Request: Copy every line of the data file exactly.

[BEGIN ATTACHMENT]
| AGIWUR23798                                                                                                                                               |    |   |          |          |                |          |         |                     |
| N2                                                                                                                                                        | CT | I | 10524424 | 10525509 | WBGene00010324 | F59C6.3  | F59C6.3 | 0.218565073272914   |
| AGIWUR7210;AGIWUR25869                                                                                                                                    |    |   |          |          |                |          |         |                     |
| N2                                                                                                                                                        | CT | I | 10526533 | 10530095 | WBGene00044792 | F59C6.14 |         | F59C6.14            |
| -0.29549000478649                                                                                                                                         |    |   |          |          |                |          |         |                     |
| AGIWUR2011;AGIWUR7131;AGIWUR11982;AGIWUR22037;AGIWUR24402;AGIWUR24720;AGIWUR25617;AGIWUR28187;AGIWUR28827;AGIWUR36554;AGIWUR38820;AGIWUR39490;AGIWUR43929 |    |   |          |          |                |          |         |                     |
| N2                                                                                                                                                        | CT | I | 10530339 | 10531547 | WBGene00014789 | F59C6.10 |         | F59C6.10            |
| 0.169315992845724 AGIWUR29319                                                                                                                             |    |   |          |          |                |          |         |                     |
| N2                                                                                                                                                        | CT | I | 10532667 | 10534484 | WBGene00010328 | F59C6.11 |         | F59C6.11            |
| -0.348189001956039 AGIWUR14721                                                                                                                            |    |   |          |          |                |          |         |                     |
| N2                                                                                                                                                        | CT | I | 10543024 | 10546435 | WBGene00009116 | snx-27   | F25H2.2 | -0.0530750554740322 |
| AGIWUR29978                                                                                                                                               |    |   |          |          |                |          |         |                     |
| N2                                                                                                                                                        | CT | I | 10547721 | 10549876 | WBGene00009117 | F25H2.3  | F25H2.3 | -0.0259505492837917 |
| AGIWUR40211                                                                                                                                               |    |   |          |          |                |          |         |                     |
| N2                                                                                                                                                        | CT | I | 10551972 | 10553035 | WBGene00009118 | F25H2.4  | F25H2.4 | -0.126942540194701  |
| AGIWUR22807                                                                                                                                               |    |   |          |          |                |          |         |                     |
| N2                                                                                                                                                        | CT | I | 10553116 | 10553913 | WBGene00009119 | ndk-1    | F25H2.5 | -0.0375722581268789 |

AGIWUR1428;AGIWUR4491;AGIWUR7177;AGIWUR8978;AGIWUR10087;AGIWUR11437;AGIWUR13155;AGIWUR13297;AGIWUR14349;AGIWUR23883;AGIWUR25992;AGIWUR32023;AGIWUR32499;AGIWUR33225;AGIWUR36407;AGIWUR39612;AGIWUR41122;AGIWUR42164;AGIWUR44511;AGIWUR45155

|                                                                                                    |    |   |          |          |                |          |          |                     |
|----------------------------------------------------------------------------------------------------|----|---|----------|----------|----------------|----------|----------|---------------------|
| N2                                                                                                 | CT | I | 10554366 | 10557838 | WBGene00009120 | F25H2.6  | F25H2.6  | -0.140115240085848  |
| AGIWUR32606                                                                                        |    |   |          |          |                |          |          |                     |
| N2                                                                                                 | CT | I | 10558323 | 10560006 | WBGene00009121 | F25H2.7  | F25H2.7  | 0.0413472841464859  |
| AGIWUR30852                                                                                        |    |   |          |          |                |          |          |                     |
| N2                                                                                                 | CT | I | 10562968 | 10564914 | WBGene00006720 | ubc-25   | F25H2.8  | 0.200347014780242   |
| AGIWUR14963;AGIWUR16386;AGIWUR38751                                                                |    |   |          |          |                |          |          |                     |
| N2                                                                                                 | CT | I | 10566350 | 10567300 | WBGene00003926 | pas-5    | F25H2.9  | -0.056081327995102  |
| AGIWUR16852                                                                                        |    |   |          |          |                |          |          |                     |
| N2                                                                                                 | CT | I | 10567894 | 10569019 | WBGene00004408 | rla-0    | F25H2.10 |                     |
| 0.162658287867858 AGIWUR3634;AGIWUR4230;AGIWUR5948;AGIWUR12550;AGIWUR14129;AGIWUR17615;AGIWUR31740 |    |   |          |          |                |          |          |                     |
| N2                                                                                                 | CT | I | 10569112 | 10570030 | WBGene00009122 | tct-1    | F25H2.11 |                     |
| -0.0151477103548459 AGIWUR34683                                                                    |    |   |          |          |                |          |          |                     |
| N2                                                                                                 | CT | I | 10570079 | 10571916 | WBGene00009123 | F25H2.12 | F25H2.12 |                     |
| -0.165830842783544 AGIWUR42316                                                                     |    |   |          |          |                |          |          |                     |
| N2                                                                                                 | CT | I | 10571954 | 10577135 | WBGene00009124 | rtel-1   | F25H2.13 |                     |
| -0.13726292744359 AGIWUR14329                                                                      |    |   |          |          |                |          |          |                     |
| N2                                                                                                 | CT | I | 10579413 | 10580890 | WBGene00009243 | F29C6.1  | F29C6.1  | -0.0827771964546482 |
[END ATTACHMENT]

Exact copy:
| AGIWUR23798                                                                                                                                               |    |   |          |          |                |          |         |                     |
| N2                                                                                                                                                        | CT | I | 10524424 | 10525509 | WBGene00010324 | F59C6.3  | F59C6.3 | 0.218565073272914   |
| AGIWUR7210;AGIWUR25869                                                                                                                                    |    |   |          |          |                |          |         |                     |
| N2                                                                                                                                                        | CT | I | 10526533 | 10530095 | WBGene00044792 | F59C6.14 |         | F59C6.14            |
| -0.29549000478649                                                                                                                                         |    |   |          |          |                |          |         |                     |
| AGIWUR2011;AGIWUR7131;AGIWUR11982;AGIWUR22037;AGIWUR24402;AGIWUR24720;AGIWUR25617;AGIWUR28187;AGIWUR28827;AGIWUR36554;AGIWUR38820;AGIWUR39490;AGIWUR43929 |    |   |          |          |                |          |         |                     |
| N2                                                                                                                                                        | CT | I | 10530339 | 10531547 | WBGene00014789 | F59C6.10 |         | F59C6.10            |
| 0.169315992845724 AGIWUR29319                                                                                                                             |    |   |          |          |                |          |         |                     |
| N2                                                                                                                                                        | CT | I | 10532667 | 10534484 | WBGene00010328 | F59C6.11 |         | F59C6.11            |
| -0.348189001956039 AGIWUR14721                                                                                                                            |    |   |          |          |                |          |         |                     |
| N2                                                                                                                                                        | CT | I | 10543024 | 10546435 | WBGene00009116 | snx-27   | F25H2.2 | -0.0530750554740322 |
| AGIWUR29978                                                                                                                                               |    |   |          |          |                |          |         |                     |
| N2                                                                                                                                                        | CT | I | 10547721 | 10549876 | WBGene00009117 | F25H2.3  | F25H2.3 | -0.0259505492837917 |
| AGIWUR40211                                                                                                                                               |    |   |          |          |                |          |         |                     |
| N2                                                                                                                                                        | CT | I | 10551972 | 10553035 | WBGene00009118 | F25H2.4  | F25H2.4 | -0.126942540194701  |
| AGIWUR22807                                                                                                                                               |    |   |          |          |                |          |         |                     |
| N2                                                                                                                                                        | CT | I | 10553116 | 10553913 | WBGene00009119 | ndk-1    | F25H2.5 | -0.0375722581268789 |

AGIWUR1428;AGIWUR4491;AGIWUR7177;AGIWUR8978;AGIWUR10087;AGIWUR11437;AGIWUR13155;AGIWUR13297;AGIWUR14349;AGIWUR23883;AGIWUR25992;AGIWUR32023;AGIWUR32499;AGIWUR33225;AGIWUR36407;AGIWUR39612;AGIWUR41122;AGIWUR42164;AGIWUR44511;AGIWUR45155

|                                                                                                    |    |   |          |          |                |          |          |                     |
|----------------------------------------------------------------------------------------------------|----|---|----------|----------|----------------|----------|----------|---------------------|
| N2                                                                                                 | CT | I | 10554366 | 10557838 | WBGene00009120 | F25H2.6  | F25H2.6  | -0.140115240085848  |
| AGIWUR32606                                                                                        |    |   |          |          |                |          |          |                     |
| N2                                                                                                 | CT | I | 10558323 | 10560006 | WBGene00009121 | F25H2.7  | F25H2.7  | 0.0413472841464859  |
| AGIWUR30852                                                                                        |    |   |          |          |                |          |          |                     |
| N2                                                                                                 | CT | I | 10562968 | 10564914 | WBGene00006720 | ubc-25   | F25H2.8  | 0.200347014780242   |
| AGIWUR14963;AGIWUR16386;AGIWUR38751                                                                |    |   |          |          |                |          |          |                     |
| N2                                                                                                 | CT | I | 10566350 | 10567300 | WBGene00003926 | pas-5    | F25H2.9  | -0.056081327995102  |
| AGIWUR16852                                                                                        |    |   |          |          |                |          |          |                     |
| N2                                                                                                 | CT | I | 10567894 | 10569019 | WBGene00004408 | rla-0    | F25H2.10 |                     |
| 0.162658287867858 AGIWUR3634;AGIWUR4230;AGIWUR5948;AGIWUR12550;AGIWUR14129;AGIWUR17615;AGIWUR31740 |    |   |          |          |                |          |          |                     |
| N2                                                                                                 | CT | I | 10569112 | 10570030 | WBGene00009122 | tct-1    | F25H2.11 |                     |
| -0.0151477103548459 AGIWUR34683                                                                    |    |   |          |          |                |          |          |                     |
| N2                                                                                                 | CT | I | 10570079 | 10571916 | WBGene00009123 | F25H2.12 | F25H2.12 |                     |
| -0.165830842783544 AGIWUR42316                                                                     |    |   |          |          |                |          |          |                     |
| N2                                                                                                 | CT | I | 10571954 | 10577135 | WBGene00009124 | rtel-1   | F25H2.13 |                     |
| -0.13726292744359 AGIWUR14329                                                                      |    |   |          |          |                |          |          |                     |
| N2                                                                                                 | CT | I | 10579413 | 10580890 | WBGene00009243 | F29C6.1  | F29C6.1  | -0.0827771964546482 |